By Marcus Leach
Kingston Smith launched their newly commissioned research into the accessibility of finance to small and medium sized enterprises (SMEs) at Google Campus today (Thursday).
The report, Bank Finance - Lost in Translation, was carried out by Professor David Gray of the University of Greenwich Business School and Professor Mark Saunders of Surrey Business School.
The topic of finance within the small to medium-sized enterprise (SME) sphere is a contentious one. Banks claim that the businesses are to blame for a lack of lending, and hardly surprisingly, the businesses say the banks are to blame. However, in reality there is a mutual incomprehensibility.
The professors presented their findings, stating that in the last year only 25% of SMEs have actively looked for finance, and yet there is such a negative air from many when talking about banks and lending. 'Banks are very loathed to tell you anything' and 'banks do not want to lend to small businesses' were just two of the responses.
The report suggested that SMEs would benefit from greater clarity regarding banks' loan application processes, as many are unaware of the thought process that banks go through whilst considering the loan. The bank thought process can be summarised as such:
Character of the applicant
Ability to repay loan
Means to repay
Purpose of loan
Amount of Loan
Repaid how will loan be repaid
Insurance of security for the loan
The report concluded that SMEs and those who provide them with finance are in a new era with new norms for lending and borrowing and new expectations of what level of risk is acceptable.
Key finding one: SMEs’ perceptions of banks’ lending policies are more negative than they need to be.
1. Many SMEs perceive bank lending policies to be more negative than they actually are and so do not seek finance.
2. Bank lending is more internally regulated than in the past, with banks now required to undertake more due diligence. Although banks are lending to SMEs, bank funding has adjusted to a new, lower, post-2008 norm.
3. SMEs’ negative perception of banks is influenced by the media.
4. Traditional banks should consider improving their accessibility, for example by extending their hours of business.
Key finding two: SMEs would benefit from greater clarity regarding banks’ loan application process.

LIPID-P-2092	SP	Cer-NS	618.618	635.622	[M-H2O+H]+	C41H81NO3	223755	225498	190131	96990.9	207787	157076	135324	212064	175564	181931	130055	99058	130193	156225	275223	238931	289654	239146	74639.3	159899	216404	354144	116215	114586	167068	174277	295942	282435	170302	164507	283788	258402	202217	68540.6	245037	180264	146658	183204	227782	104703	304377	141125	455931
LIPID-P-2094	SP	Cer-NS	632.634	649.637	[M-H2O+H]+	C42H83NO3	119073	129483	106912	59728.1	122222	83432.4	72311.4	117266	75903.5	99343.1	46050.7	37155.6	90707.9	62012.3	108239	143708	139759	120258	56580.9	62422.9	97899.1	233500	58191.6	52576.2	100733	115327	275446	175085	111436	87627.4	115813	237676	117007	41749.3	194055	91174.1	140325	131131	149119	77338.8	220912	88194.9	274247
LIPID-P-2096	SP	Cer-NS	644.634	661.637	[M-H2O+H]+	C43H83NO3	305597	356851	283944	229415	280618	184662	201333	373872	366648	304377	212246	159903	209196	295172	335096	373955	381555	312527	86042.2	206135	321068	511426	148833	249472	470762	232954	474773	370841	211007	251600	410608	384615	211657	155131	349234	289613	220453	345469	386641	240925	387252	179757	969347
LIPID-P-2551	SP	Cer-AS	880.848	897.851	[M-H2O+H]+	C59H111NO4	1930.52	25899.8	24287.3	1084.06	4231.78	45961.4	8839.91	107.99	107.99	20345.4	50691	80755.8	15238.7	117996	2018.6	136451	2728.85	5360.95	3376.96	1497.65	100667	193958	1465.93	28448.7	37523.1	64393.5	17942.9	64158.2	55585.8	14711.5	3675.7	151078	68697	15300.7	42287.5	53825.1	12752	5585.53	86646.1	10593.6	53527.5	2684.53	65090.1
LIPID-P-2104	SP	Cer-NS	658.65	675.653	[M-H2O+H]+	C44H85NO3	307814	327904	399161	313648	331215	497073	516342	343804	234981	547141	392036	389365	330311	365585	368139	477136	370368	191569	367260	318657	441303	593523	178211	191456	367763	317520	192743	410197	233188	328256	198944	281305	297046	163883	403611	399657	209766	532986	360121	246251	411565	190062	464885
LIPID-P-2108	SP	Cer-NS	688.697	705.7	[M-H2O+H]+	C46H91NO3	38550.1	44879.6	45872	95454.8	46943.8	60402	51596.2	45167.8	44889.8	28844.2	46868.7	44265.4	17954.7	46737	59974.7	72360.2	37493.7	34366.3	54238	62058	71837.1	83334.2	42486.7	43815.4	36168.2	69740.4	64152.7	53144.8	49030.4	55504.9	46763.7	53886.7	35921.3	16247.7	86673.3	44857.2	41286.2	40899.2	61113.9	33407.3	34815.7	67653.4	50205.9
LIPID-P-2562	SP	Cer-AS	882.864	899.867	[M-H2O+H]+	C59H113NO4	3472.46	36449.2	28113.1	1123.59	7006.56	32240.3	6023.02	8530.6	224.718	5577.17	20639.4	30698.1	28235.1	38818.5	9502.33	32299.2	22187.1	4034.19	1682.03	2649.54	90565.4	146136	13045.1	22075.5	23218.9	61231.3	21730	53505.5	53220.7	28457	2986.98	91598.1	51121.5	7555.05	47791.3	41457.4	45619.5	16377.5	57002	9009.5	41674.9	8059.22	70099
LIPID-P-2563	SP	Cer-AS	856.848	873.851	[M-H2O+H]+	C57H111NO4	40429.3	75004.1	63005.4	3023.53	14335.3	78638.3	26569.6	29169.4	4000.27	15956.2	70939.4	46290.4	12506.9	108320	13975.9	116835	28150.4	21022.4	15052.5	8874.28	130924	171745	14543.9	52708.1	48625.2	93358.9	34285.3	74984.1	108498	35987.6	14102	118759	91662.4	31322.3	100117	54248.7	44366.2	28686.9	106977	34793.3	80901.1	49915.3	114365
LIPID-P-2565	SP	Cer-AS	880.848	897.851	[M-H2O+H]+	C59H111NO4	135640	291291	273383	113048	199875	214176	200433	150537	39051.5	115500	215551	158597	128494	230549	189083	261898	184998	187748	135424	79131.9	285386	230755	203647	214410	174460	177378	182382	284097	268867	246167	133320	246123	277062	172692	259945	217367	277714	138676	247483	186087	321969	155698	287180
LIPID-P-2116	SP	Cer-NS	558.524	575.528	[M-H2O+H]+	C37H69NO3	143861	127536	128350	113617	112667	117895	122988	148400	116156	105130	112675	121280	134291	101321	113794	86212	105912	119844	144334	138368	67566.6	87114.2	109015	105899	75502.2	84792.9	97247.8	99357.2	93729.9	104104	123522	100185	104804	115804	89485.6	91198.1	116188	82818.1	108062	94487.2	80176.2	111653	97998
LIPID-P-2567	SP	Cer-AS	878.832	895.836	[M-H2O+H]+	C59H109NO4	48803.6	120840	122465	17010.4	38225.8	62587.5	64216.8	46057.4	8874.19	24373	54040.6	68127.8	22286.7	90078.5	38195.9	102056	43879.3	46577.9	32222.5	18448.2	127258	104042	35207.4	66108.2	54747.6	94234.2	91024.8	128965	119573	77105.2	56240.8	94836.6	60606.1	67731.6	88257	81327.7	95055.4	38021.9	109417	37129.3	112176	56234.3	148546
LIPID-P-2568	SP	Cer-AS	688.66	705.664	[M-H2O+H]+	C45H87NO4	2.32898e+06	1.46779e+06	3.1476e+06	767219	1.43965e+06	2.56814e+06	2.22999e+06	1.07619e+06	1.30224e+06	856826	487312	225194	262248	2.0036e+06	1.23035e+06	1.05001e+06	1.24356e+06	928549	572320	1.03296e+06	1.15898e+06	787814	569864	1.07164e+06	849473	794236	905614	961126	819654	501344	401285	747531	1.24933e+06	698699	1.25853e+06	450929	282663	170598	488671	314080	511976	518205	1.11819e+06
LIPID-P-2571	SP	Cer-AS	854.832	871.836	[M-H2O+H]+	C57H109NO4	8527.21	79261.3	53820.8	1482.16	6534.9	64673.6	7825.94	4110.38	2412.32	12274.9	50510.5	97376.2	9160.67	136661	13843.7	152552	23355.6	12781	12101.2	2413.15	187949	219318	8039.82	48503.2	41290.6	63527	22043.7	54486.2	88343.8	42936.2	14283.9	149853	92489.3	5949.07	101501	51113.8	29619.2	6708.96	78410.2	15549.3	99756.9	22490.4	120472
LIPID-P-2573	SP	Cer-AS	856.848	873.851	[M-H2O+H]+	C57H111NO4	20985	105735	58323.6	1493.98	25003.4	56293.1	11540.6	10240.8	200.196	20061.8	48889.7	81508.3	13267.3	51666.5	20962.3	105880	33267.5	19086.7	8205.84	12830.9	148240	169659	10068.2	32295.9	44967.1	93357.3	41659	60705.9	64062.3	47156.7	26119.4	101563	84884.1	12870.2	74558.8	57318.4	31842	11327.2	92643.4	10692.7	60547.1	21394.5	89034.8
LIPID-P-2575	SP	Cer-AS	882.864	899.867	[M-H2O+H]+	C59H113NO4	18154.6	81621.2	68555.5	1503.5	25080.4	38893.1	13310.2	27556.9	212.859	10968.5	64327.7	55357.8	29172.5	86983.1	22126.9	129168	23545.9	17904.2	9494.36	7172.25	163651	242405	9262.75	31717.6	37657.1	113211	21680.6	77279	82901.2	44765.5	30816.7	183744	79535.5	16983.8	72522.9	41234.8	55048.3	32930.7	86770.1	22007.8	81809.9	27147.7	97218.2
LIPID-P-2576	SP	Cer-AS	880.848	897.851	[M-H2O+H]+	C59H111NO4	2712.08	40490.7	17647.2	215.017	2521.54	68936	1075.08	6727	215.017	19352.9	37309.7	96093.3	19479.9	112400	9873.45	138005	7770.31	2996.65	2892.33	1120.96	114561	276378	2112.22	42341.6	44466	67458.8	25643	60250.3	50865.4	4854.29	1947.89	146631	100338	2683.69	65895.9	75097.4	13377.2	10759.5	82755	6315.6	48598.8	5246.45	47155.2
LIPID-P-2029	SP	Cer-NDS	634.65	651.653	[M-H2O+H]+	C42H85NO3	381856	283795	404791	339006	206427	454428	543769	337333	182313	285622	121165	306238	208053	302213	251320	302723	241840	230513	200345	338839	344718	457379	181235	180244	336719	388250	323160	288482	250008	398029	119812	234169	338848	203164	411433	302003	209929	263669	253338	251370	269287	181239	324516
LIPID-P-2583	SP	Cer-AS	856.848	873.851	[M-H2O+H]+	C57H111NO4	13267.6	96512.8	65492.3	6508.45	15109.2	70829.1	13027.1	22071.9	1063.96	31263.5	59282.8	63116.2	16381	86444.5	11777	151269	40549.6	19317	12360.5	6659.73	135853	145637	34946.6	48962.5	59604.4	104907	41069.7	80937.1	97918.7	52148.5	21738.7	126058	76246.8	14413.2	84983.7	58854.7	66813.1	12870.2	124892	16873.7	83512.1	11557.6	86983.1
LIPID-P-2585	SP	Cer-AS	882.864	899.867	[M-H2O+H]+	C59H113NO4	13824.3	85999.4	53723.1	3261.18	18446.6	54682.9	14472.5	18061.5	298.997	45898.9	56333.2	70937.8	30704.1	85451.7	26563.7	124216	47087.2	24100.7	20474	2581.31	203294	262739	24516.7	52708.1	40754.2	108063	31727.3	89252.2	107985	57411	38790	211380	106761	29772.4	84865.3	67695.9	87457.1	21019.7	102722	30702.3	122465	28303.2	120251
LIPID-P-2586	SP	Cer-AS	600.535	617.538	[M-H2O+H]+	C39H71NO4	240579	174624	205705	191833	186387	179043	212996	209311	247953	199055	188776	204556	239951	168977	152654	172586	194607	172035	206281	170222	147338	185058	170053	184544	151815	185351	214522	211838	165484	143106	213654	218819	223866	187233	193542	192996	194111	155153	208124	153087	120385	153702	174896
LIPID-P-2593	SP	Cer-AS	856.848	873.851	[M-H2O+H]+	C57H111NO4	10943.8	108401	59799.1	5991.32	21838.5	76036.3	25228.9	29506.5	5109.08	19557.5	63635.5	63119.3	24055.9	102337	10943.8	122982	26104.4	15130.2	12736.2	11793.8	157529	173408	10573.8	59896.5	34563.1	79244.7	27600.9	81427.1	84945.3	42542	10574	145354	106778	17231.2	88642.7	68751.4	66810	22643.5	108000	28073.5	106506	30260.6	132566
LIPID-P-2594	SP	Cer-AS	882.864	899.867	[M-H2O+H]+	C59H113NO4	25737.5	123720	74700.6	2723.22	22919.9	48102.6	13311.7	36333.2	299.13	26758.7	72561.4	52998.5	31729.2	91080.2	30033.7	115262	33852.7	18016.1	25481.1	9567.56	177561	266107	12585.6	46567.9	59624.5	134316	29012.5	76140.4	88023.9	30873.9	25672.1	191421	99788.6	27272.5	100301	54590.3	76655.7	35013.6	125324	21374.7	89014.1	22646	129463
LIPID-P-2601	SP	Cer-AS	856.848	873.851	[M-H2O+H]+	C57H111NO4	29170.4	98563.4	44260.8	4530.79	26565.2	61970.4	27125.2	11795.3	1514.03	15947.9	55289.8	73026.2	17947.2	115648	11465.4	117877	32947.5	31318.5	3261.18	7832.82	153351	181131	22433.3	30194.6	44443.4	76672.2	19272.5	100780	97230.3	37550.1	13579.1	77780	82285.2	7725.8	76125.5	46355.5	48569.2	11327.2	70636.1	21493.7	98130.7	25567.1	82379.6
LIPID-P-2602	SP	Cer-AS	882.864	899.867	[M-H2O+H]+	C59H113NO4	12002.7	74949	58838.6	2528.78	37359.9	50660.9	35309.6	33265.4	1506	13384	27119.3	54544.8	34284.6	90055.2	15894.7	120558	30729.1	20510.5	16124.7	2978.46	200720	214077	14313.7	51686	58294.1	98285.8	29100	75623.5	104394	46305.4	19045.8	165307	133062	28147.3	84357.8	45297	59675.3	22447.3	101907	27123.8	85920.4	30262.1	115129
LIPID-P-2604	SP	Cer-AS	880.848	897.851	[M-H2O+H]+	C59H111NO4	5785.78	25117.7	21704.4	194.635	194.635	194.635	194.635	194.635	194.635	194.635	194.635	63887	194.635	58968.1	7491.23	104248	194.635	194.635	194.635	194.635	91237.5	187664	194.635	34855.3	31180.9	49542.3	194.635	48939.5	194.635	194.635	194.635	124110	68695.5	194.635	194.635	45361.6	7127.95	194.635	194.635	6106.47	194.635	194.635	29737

1. Many SMEs are unaware of, and, do not fully understand banks’ or other providers’ loan application process, including the need to share the financial risk.
2. Banks’ web pages for business loans (for SMEs) differ markedly in their ease of navigation.
3. Banks differ as to whether SMEs are required to have any face-to-face contact with a bank representative during the loan application process. Some personal contact is generally preferred by SMEs.
4. Some banks provide a checklist of the information required for a loan application.
Key finding three: SMEs are often unaware of banks’ lending criteria.
1. For the majority of SMEs, each bank’s lending decision criteria is a black box, about which they have very little knowledge of its contents.
2. Many SMEs seem unaware of the need to have both a good credit rating and the need for a realistic business plan, showing growth projections and a sensible level of borrowing linked to a clear purpose.
3. Bank lending decisions are made on the basis of a commercially acceptable risk. This comprises two key aspects: firstly, the extent to which the business idea is convincing (as opposed to poor) and, secondly, the quality of financial acumen. In particular evidence of the SME’s ability to make good (as opposed to naïve) judgements based upon experience.
4. SMEs that can build convincing business plans that demonstrate genuine market potential but are let down by poorly informed financial planning are ‘good misses’ because, with help and better business advice, they can be funded.
5. All bank lending decisions involve a considered assessment of available data against criteria rather than just a mechanistic “scoring system”.
Key finding four: Subsequent to the loan decision, banks’ feedback and support offered to SMEs is often unclear and inadequate.
1. Where banks had refused to offer an SME a loan, they stressed that feedback was given and that the SME had the right to reapply for a loan
2. Subsequent to loan decisions being made, SMEs, however, feel that feedback from banks is lacking even where applications have been successful.
3. Some SMEs consider banks are not qualified to support them. In contrast, some banks consider this is not their role, arguing that such support is better provided by third party specialists.
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